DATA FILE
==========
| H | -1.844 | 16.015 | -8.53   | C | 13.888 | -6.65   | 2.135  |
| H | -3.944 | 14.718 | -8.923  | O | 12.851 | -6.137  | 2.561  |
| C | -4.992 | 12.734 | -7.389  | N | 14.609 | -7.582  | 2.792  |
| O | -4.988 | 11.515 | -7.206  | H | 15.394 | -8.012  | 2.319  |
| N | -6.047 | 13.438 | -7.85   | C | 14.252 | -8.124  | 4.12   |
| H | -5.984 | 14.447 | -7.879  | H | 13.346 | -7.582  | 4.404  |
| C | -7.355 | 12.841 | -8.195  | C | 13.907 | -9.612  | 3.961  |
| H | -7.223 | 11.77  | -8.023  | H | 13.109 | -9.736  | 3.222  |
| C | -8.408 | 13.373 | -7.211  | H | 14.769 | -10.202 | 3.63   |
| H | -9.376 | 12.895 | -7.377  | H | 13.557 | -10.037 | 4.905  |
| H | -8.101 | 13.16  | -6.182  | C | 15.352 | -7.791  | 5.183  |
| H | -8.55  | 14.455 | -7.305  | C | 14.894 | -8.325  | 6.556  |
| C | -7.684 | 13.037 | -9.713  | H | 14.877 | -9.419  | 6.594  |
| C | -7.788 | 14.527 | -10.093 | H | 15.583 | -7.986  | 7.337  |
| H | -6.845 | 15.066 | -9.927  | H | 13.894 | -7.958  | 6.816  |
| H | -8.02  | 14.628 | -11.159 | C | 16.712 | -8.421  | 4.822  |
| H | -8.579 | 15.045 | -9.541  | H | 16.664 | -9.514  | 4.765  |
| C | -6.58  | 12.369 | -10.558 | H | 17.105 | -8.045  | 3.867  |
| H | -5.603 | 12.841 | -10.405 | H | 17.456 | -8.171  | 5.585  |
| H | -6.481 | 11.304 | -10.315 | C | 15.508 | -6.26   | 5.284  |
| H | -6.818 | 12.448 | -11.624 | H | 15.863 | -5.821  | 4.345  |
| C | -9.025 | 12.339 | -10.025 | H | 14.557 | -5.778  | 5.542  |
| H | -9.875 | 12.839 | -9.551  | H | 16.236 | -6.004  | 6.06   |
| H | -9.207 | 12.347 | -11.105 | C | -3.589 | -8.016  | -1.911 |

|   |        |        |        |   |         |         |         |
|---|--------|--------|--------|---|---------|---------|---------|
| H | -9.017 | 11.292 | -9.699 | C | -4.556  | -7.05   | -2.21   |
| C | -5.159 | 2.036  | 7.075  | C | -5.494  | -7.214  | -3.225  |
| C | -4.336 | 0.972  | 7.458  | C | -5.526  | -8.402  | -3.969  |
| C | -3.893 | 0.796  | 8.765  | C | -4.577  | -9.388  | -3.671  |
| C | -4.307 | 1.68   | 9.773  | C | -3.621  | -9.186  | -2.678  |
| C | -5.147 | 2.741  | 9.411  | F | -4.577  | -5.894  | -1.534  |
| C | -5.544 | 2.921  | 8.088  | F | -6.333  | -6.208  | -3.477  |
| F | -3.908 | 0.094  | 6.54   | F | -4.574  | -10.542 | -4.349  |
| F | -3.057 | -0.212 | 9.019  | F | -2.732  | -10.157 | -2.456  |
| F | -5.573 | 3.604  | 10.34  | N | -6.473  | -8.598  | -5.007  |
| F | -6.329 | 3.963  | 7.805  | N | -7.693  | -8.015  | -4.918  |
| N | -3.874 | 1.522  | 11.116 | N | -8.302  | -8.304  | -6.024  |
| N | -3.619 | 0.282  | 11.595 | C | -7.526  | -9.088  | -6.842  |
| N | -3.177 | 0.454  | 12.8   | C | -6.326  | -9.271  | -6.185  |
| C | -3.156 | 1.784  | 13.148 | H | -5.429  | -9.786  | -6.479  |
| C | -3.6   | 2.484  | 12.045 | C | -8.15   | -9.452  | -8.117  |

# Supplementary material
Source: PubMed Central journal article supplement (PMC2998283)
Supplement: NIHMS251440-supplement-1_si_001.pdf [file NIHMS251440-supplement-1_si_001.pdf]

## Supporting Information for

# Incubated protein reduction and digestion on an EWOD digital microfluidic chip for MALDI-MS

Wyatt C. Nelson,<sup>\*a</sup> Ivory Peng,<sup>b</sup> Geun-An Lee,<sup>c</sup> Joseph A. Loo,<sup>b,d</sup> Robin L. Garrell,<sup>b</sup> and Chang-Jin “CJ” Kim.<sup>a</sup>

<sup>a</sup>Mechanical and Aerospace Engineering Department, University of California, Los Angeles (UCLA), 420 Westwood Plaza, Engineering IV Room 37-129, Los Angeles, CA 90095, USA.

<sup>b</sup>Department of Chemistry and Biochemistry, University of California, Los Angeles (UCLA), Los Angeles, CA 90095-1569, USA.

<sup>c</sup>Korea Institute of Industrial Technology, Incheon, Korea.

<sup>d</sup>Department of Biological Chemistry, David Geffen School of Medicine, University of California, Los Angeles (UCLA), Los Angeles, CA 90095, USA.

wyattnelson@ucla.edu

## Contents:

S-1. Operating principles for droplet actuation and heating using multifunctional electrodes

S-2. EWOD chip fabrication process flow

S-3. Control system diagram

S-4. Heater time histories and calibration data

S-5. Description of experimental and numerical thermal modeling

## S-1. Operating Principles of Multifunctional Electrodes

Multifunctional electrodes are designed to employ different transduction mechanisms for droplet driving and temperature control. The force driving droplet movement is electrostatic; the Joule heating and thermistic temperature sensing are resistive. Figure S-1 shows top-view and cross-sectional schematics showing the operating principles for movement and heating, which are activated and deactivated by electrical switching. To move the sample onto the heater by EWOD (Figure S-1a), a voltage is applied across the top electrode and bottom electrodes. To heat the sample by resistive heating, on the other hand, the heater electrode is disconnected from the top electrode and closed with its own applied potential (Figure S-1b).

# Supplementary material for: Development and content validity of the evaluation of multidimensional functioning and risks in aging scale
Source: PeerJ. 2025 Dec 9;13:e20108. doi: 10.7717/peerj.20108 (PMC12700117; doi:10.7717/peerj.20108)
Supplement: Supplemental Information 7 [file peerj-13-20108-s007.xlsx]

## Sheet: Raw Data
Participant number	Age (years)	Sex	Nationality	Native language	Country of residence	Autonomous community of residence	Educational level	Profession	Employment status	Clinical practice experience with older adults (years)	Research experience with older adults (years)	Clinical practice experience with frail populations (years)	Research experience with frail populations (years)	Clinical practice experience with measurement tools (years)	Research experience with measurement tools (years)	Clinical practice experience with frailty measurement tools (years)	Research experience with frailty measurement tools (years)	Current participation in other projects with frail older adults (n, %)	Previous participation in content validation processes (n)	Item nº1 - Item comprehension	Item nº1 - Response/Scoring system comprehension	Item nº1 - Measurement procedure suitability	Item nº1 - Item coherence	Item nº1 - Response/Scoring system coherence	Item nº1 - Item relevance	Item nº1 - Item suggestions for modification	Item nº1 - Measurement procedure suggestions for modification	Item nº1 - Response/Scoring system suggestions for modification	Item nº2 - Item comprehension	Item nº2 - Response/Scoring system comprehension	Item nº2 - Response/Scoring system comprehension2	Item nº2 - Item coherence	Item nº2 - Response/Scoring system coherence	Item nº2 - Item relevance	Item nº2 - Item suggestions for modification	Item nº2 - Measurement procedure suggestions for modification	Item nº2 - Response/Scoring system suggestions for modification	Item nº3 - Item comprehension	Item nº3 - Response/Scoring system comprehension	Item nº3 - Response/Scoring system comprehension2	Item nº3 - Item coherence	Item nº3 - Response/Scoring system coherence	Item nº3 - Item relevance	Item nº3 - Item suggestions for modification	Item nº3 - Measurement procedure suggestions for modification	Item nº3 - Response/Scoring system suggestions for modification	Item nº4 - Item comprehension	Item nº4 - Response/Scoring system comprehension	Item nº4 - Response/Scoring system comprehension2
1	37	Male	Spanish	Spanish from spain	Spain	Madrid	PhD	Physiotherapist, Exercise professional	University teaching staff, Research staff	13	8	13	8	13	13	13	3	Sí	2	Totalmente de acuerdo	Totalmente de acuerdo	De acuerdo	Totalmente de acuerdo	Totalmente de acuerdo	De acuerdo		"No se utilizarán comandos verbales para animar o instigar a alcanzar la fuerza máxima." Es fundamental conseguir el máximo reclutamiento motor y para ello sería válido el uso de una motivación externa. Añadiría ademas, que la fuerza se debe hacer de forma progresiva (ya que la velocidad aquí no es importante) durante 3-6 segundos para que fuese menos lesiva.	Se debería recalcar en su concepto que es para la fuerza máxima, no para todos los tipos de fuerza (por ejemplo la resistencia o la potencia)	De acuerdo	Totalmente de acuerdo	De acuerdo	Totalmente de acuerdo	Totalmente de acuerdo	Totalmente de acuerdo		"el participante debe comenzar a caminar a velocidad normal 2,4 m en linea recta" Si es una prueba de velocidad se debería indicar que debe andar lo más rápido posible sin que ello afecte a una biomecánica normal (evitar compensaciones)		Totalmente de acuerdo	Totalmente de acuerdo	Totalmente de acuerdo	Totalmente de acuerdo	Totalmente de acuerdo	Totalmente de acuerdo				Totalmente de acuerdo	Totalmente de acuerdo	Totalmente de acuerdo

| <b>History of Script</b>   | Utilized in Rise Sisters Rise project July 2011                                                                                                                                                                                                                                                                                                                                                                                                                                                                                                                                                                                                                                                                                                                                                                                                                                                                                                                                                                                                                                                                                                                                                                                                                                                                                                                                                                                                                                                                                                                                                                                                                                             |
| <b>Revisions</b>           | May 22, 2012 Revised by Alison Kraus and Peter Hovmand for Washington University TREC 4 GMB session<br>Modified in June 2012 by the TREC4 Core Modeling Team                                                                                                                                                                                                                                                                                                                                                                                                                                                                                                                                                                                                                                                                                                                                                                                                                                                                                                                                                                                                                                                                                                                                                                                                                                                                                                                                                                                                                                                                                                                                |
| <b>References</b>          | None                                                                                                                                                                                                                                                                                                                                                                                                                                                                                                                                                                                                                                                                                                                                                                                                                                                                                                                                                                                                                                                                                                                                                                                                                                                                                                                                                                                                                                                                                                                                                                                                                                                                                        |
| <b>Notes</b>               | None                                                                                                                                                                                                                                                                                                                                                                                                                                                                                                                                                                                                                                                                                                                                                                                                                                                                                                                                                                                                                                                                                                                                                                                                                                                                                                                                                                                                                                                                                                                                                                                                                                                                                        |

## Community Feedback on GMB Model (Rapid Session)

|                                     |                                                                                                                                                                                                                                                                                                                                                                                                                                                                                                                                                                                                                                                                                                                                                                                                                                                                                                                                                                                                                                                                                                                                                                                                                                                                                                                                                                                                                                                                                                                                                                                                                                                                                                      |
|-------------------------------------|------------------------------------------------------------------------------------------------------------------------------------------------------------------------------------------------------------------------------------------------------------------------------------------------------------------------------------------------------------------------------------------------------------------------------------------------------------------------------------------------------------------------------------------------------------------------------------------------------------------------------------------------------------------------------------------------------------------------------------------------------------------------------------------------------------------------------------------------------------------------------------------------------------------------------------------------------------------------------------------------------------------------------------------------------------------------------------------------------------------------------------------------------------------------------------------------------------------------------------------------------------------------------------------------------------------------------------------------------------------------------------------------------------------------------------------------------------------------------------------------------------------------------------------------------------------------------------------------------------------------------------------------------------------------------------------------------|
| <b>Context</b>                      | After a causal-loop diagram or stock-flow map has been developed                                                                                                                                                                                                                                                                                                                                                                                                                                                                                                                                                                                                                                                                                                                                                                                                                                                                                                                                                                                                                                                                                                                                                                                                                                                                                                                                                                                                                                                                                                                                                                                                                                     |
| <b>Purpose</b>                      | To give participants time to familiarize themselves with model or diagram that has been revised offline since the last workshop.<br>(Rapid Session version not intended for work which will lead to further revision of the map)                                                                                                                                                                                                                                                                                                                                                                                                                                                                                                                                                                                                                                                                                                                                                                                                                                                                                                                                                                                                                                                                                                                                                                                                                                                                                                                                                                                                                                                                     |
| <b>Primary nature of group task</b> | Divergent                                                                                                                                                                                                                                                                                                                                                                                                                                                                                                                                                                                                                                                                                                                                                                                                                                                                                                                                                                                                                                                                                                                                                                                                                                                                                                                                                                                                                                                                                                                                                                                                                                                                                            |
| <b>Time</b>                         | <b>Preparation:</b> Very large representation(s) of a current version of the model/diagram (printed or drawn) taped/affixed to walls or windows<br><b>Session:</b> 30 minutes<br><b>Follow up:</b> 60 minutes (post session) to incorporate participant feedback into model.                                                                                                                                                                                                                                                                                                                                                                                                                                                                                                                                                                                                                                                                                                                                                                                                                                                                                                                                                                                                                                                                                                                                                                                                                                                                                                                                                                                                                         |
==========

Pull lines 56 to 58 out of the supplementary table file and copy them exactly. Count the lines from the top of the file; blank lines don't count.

S-2. EWOD chip fabrication process flow

S-3. Control system diagram

S-4. Heater time histories and calibration data